This year has seen a shift in working practices and culture, whereby many organisations have suddenly had large numbers of staff working from home. This has resulted in changes to processes such as monitoring output and performance, monitoring working hours and time, and being able to see what hours and work staff were undertaking.
For many staff, COVID has led to increased anxiety around job security. This has had a dual affect – some staff have worked harder, doing extra hours and desperately trying to prove their worth to avoid redundancy. Other staff have become fearful about their job security, hiding mistakes and not wanting to highlight any performance issues to try to keep bosses happy.
Glassdoor carried out a survey of over 1000 workers earlier this year, which found that 49% of employees admitted to lying at work. Of these 44% said they did so to avoid getting into trouble, whilst 34% lied to hide mistakes.
Further questioning found that the driving force for the employees who lied did so to avoid “standing out” in the office. 40% said they did so as it was easier to agree with what the majority were doing, while 24% said they lied to avoid having to speak up to their boss or colleagues.
These figures cause big concern for both employers and employees. Employers need to be able to trust their staff and have confidence that they display integrity and honesty. This has never been more so than this year, where suddenly staff have to juggle remote working for roles where this has perhaps been deemed impossible.
Equally for employees, Covid has had massive effects on perceptions of job security, as well as the marked increase in mental health conditions. For these staff to feel that they have to lie about mistakes, on top of mounting fears around job security can lead to them feeling that it is easier to hide something minor than face the consequences of being honest.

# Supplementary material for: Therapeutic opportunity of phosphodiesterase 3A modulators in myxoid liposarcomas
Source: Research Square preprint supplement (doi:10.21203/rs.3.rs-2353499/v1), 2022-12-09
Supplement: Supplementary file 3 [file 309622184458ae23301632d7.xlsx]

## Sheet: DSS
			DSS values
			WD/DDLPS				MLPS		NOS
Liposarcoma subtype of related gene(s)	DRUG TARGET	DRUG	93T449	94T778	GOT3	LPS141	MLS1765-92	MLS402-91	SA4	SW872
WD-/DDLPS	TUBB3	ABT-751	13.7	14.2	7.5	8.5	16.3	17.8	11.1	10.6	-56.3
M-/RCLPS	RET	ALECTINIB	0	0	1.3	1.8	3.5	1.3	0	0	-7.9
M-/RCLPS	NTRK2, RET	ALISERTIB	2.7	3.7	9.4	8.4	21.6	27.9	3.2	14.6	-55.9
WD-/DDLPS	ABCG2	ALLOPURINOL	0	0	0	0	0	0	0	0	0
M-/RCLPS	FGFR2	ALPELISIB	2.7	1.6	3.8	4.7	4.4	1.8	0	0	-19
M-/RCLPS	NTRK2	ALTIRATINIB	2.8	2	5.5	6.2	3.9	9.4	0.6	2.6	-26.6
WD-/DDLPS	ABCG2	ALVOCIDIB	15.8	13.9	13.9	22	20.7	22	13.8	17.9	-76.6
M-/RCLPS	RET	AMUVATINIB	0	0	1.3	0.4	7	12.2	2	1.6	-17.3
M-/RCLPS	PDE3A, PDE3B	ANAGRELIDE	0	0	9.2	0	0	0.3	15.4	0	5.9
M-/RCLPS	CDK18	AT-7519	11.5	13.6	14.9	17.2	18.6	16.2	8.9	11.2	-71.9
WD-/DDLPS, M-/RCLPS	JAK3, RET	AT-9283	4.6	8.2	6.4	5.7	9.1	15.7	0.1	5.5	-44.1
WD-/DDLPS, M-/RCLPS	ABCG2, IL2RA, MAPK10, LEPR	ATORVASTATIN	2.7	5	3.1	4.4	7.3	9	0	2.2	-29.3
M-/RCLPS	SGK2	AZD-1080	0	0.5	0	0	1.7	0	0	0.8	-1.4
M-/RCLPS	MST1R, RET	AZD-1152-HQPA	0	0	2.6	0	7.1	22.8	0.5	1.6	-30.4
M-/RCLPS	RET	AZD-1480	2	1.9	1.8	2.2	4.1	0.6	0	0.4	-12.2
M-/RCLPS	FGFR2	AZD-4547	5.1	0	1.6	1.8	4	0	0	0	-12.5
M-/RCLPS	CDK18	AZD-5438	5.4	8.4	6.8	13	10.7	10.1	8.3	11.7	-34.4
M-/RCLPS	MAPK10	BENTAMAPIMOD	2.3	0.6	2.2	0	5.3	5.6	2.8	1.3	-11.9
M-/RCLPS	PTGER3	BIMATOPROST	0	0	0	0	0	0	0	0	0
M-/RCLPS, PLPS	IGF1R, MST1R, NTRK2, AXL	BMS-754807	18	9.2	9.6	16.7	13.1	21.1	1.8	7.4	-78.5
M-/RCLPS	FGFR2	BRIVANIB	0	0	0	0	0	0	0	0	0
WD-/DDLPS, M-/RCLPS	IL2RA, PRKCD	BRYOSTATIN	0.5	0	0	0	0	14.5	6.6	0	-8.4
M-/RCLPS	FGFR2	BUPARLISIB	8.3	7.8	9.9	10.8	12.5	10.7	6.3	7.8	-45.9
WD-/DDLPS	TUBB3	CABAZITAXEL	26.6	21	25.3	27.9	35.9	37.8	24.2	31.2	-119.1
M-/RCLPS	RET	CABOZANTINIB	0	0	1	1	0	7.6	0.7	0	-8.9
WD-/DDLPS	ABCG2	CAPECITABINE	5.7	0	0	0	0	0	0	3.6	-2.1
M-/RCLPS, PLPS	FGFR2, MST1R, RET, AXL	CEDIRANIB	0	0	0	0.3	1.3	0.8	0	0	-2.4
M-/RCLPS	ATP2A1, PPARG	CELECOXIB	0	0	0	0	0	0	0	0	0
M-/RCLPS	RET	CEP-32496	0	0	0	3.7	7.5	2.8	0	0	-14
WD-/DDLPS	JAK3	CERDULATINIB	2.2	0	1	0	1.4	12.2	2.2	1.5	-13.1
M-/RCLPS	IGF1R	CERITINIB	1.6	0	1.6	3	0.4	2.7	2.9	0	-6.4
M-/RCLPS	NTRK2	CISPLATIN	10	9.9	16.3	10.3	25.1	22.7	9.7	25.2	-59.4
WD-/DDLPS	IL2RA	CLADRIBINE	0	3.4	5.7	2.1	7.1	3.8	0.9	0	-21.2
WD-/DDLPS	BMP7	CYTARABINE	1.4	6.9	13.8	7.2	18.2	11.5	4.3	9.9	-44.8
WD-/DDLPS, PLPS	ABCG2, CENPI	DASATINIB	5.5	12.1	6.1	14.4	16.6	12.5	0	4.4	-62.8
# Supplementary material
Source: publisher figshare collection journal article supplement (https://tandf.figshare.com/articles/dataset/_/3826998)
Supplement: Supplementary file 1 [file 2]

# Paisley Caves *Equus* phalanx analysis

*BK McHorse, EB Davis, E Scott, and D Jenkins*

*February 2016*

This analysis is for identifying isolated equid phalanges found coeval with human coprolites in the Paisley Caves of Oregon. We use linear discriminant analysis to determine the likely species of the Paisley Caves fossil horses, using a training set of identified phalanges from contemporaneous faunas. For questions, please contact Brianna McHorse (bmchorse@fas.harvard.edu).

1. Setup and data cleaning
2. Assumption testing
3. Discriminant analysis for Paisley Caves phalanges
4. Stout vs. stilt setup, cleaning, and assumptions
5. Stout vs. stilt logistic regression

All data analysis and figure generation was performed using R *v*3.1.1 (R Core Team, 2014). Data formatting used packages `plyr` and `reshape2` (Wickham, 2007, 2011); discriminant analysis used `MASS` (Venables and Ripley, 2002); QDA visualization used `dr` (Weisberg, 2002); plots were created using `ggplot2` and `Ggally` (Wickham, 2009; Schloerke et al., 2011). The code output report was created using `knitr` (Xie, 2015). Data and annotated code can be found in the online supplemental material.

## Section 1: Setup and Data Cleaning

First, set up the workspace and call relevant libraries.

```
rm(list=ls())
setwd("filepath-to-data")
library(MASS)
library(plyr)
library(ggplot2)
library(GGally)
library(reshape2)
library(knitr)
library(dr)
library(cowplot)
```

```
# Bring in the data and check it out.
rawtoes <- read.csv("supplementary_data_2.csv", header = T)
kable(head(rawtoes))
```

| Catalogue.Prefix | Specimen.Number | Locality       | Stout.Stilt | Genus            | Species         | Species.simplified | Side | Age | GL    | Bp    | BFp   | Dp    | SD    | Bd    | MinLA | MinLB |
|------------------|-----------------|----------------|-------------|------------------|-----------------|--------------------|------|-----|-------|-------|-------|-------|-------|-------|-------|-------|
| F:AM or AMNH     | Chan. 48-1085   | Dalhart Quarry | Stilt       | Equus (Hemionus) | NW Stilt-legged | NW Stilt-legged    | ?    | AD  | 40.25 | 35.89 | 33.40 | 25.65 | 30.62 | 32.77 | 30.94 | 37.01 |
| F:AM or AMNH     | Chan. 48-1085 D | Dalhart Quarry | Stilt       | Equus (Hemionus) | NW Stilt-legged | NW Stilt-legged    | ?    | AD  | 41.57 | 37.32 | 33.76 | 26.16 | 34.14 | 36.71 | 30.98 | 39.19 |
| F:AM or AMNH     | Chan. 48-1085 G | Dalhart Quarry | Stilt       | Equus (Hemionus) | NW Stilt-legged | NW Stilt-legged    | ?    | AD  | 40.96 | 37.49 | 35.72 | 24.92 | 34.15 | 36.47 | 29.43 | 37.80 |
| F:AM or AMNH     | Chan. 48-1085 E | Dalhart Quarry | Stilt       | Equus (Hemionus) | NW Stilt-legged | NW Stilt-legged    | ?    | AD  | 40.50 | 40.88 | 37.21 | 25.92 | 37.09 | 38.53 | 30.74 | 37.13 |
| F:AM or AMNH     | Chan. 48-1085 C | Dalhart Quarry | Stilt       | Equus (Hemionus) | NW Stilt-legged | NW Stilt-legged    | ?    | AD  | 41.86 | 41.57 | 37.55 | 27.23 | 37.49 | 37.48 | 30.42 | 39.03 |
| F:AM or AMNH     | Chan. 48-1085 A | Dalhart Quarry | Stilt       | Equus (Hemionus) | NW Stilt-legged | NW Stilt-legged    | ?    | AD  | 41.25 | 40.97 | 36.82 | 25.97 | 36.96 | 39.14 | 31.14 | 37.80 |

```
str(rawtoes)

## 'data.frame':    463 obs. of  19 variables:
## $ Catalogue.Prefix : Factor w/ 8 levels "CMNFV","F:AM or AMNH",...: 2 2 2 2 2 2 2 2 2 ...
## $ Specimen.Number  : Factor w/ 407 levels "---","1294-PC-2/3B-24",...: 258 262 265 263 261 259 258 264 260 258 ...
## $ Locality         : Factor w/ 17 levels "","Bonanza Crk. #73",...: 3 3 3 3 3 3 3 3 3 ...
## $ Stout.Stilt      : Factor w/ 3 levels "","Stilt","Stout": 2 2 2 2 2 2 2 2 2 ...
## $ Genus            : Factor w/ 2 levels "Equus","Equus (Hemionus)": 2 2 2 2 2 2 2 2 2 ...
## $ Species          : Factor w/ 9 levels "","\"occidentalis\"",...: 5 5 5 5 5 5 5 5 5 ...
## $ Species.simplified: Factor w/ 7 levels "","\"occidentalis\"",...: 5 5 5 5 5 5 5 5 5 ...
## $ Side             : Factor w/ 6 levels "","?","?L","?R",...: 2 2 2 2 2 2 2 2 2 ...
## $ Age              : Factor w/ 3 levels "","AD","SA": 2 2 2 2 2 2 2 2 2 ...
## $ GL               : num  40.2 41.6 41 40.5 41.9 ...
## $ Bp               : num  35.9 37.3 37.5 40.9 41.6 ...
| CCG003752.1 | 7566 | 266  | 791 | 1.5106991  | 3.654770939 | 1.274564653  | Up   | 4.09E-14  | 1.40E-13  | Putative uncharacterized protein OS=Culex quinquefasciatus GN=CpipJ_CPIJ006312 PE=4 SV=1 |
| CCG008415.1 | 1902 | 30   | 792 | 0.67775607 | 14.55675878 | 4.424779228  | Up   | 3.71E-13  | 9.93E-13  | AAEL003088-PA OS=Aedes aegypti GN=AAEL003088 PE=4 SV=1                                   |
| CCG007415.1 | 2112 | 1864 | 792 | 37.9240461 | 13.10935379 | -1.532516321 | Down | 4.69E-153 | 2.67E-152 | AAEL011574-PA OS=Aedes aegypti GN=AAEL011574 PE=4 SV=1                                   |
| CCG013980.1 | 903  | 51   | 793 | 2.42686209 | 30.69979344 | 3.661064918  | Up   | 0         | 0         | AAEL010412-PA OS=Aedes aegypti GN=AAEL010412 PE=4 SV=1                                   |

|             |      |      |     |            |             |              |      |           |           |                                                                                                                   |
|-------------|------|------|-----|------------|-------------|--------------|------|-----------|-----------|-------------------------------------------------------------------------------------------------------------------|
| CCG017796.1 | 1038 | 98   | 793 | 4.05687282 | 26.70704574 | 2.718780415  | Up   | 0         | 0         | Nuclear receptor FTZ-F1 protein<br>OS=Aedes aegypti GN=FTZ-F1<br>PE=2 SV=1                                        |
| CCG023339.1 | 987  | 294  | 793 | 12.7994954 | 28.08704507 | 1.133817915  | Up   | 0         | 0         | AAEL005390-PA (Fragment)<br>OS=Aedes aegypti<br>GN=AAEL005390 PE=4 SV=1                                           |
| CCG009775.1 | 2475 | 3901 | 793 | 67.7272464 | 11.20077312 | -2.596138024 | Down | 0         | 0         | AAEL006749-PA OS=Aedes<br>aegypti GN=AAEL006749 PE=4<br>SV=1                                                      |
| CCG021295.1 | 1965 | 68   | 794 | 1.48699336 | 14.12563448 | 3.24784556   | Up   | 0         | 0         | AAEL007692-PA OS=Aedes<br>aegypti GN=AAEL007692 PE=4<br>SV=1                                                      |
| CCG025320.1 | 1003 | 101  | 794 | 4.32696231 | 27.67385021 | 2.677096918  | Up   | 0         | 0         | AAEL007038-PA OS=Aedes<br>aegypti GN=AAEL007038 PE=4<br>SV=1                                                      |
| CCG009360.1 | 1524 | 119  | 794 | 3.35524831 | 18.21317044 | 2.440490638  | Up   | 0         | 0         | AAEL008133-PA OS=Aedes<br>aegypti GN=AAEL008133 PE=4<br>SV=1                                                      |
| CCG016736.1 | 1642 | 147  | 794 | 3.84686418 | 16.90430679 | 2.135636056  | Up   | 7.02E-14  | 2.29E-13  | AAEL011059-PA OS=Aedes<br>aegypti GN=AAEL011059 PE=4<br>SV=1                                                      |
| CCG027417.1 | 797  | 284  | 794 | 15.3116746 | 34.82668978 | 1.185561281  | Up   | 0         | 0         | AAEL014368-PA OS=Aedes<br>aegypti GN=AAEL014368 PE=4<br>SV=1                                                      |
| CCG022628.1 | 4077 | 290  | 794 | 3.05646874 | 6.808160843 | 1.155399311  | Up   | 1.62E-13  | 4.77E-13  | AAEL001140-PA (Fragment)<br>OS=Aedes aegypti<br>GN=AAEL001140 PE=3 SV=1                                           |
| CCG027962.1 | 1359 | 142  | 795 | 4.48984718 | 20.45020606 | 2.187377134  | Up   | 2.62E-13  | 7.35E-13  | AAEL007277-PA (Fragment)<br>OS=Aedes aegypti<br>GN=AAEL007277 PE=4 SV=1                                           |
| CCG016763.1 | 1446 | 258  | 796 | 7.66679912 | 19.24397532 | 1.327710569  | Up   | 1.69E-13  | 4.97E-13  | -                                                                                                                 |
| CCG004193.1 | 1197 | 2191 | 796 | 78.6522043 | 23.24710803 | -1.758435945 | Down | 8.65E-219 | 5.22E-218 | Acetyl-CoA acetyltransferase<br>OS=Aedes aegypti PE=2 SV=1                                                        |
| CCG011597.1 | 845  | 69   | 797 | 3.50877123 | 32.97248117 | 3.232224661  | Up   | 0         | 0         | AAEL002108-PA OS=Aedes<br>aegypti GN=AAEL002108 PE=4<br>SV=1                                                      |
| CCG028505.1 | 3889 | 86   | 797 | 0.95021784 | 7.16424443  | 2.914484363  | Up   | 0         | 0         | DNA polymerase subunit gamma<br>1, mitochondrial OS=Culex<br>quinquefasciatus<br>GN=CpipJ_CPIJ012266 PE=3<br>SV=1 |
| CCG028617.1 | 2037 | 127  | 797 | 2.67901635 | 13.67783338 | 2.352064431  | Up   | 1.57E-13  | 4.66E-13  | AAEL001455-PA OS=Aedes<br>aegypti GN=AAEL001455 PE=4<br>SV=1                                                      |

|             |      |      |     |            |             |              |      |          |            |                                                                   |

Further concerning figures from the survey found that 39% of staff felt lying was commonplace where they worked, with 22% feeling that small lies are acceptable.
What can Employers do to Address this?
It is essential that employers look at their own culture – a no blame culture, where employees can work confidently without fear of repercussions is a much healthier and more productive way for staff to be working. Open dialogue needs to take place between staff and managers, with constructive and useful feedback provided to aid and support development.
Goals need to be clear and unambiguous – if employees understand exactly what is expected of them, they are more likely to know where their focus should be and organise their time effectively.
Finally, employers should be mindful that for the foreseeable future flexibility is likely to remain at the forefront of everyone’s mind. There is an increasing risk of further lockdowns, isolation periods, school closures and other requests for flexibility – which need to be underpinned by mutual trust and confidence that the same standards and levels of honesty are demonstrated from both sides – employer and employee.
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